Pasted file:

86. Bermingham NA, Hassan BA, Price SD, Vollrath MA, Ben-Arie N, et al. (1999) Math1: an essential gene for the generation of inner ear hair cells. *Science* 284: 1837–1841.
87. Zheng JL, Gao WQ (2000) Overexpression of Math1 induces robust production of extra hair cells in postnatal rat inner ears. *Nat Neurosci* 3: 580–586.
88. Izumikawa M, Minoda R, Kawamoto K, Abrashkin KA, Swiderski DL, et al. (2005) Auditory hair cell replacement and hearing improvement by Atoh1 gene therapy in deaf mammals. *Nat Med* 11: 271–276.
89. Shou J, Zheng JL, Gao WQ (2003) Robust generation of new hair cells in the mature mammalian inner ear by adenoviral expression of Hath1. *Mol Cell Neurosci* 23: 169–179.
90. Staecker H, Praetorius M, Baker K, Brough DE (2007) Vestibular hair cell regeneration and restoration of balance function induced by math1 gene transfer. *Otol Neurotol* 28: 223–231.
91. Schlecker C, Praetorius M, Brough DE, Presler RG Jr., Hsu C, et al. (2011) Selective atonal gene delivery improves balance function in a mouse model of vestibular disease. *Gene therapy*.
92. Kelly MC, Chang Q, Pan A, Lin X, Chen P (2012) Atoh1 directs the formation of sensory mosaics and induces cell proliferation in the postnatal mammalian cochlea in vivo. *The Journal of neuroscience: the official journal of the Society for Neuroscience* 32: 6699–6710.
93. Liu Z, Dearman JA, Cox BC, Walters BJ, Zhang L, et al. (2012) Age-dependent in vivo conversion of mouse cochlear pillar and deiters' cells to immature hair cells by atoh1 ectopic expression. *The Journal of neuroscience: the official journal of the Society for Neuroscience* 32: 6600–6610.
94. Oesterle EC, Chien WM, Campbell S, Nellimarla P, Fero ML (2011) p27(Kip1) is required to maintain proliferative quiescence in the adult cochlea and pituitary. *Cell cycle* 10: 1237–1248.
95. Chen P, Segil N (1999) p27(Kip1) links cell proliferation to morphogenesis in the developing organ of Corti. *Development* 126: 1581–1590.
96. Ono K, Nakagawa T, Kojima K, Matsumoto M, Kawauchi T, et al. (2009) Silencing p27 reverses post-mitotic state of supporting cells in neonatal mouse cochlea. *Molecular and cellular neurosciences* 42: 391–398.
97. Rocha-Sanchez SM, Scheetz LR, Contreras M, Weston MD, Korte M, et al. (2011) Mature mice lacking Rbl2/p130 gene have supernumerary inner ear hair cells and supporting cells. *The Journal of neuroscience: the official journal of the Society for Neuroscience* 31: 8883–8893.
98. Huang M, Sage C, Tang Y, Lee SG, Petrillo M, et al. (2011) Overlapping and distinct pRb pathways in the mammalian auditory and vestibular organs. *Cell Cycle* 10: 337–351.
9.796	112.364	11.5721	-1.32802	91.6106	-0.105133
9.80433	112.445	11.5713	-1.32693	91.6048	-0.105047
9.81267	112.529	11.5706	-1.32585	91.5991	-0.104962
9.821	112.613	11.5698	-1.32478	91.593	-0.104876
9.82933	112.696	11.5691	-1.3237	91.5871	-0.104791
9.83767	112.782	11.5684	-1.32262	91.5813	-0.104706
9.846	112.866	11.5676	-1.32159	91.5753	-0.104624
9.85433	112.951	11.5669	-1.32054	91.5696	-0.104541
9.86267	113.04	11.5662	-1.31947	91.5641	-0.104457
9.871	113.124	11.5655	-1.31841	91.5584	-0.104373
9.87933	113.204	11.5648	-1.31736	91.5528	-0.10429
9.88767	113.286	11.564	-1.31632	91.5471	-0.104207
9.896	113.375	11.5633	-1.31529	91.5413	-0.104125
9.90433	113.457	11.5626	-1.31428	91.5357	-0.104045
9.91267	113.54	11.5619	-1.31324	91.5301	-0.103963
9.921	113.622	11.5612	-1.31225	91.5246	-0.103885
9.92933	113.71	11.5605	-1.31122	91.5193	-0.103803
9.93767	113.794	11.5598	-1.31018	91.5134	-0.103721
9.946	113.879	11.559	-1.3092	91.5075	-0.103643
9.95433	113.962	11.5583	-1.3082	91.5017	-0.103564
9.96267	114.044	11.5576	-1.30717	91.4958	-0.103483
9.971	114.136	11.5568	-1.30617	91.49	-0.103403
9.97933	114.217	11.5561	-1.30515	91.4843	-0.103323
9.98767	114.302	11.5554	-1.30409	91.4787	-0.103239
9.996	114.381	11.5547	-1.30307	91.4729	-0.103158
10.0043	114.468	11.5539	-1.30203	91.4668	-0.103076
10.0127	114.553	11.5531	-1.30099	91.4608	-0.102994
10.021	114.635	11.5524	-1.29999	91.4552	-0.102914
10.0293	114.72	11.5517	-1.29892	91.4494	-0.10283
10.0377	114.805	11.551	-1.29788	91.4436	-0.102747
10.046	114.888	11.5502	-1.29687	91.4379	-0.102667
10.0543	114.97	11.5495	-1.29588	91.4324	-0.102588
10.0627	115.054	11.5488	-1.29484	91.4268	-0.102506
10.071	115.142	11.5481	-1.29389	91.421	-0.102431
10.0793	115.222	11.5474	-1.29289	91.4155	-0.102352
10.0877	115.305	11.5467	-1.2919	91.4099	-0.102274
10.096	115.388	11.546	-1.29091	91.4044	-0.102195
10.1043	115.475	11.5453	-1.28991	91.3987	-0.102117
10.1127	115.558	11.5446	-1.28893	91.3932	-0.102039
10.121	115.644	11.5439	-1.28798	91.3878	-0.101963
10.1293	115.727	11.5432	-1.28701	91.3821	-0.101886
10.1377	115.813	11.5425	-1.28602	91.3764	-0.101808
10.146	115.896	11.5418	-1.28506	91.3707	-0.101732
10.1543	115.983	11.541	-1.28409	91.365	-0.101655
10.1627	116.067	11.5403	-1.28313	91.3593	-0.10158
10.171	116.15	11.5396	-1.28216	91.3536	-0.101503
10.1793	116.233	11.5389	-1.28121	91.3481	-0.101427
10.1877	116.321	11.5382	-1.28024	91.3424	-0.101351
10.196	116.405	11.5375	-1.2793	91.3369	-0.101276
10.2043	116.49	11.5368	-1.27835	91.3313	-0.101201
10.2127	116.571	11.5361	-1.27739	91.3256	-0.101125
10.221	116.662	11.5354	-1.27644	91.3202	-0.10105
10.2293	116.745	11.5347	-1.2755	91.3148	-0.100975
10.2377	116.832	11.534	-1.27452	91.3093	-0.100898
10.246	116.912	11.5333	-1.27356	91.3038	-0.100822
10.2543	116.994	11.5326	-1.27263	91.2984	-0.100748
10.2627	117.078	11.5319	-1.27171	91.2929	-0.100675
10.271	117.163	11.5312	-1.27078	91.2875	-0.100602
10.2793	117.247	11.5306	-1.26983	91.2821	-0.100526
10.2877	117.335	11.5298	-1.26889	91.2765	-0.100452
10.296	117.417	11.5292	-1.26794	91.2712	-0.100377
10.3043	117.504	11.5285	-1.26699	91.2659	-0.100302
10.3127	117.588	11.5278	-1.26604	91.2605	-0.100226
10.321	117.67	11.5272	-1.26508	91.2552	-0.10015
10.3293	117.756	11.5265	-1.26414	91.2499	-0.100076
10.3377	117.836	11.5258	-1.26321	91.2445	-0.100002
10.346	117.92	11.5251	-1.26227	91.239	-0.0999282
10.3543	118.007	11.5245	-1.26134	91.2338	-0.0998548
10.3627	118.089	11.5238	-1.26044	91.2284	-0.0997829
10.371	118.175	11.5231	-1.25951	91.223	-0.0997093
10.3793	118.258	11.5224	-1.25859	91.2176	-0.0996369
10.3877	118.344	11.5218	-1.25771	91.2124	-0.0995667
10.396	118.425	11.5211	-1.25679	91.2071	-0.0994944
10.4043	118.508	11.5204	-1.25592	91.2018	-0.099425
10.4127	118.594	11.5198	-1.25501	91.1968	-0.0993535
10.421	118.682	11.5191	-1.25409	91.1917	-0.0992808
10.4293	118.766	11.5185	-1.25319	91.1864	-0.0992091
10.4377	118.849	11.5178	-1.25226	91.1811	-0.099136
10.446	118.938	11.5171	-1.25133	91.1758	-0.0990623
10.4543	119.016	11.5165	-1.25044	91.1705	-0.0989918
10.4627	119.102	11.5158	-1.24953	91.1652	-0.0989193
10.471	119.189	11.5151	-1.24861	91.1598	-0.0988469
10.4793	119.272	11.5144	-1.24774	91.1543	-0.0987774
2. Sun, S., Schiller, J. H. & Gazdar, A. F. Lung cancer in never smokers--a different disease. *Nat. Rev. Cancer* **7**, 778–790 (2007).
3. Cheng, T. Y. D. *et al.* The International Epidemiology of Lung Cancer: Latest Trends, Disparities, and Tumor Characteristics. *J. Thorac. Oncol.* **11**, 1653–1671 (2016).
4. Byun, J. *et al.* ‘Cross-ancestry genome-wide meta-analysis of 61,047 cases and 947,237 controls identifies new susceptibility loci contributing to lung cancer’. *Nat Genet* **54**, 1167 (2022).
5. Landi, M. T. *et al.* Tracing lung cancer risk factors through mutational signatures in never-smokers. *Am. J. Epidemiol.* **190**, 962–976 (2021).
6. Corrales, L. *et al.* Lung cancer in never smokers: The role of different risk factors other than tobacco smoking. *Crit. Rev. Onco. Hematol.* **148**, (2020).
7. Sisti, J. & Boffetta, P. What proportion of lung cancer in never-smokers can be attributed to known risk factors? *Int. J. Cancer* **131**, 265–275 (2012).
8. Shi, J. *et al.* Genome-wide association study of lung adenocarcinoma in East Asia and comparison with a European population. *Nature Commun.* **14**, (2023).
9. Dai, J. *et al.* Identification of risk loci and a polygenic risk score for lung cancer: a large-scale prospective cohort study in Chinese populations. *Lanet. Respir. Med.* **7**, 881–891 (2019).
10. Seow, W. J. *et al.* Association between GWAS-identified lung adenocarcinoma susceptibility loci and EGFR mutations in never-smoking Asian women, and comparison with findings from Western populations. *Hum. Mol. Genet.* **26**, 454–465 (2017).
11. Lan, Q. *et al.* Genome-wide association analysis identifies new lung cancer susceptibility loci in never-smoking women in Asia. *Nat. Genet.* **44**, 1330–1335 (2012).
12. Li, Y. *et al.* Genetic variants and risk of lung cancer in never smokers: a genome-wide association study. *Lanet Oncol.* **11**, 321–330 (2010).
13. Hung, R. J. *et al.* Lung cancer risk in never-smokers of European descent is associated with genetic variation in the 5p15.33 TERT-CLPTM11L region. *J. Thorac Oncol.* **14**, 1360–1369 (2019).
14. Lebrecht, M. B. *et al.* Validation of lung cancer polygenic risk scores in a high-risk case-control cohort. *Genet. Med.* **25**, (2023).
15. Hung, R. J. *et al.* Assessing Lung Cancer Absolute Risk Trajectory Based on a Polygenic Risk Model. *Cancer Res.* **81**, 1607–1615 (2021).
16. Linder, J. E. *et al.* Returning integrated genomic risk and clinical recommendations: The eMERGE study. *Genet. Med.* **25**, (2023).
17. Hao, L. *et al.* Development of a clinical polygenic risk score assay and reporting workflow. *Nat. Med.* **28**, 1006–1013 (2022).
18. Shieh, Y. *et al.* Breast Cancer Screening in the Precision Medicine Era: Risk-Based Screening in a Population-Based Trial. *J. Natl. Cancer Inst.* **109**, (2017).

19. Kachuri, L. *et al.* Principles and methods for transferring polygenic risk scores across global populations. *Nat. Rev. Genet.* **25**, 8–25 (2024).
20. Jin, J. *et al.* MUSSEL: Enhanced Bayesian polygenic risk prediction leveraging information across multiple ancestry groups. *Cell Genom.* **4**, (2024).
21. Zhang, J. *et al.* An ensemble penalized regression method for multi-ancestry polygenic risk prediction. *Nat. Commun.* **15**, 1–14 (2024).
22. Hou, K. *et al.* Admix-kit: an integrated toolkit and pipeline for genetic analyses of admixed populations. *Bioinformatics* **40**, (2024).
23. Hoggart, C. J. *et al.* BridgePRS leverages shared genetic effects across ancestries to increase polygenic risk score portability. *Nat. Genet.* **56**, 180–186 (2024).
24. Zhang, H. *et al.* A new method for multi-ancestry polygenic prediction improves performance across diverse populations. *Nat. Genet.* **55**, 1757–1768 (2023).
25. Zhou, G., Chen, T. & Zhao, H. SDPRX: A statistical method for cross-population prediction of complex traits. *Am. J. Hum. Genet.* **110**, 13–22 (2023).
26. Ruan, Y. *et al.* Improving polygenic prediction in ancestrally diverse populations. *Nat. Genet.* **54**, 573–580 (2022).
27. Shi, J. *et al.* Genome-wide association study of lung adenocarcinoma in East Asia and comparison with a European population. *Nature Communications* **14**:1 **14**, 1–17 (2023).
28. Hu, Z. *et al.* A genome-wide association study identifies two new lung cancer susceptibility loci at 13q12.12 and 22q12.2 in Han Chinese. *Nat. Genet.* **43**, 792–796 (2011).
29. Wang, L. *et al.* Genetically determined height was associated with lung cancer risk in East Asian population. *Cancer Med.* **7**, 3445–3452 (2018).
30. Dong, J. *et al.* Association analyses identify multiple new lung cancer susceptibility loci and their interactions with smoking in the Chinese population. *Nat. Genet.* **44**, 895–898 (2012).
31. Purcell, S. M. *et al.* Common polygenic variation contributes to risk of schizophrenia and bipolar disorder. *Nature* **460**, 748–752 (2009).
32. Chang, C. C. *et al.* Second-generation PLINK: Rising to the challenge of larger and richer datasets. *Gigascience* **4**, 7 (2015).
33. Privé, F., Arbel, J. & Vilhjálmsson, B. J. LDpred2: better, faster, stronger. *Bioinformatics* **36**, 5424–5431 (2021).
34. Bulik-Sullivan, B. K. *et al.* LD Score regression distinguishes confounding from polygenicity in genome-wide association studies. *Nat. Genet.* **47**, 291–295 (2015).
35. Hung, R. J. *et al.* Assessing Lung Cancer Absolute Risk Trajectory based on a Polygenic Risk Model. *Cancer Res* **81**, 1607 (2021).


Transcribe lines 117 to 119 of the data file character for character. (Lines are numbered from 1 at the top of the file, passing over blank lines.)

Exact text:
22. Hou, K. *et al.* Admix-kit: an integrated toolkit and pipeline for genetic analyses of admixed populations. *Bioinformatics* **40**, (2024).
23. Hoggart, C. J. *et al.* BridgePRS leverages shared genetic effects across ancestries to increase polygenic risk score portability. *Nat. Genet.* **56**, 180–186 (2024).
24. Zhang, H. *et al.* A new method for multi-ancestry polygenic prediction improves performance across diverse populations. *Nat. Genet.* **55**, 1757–1768 (2023).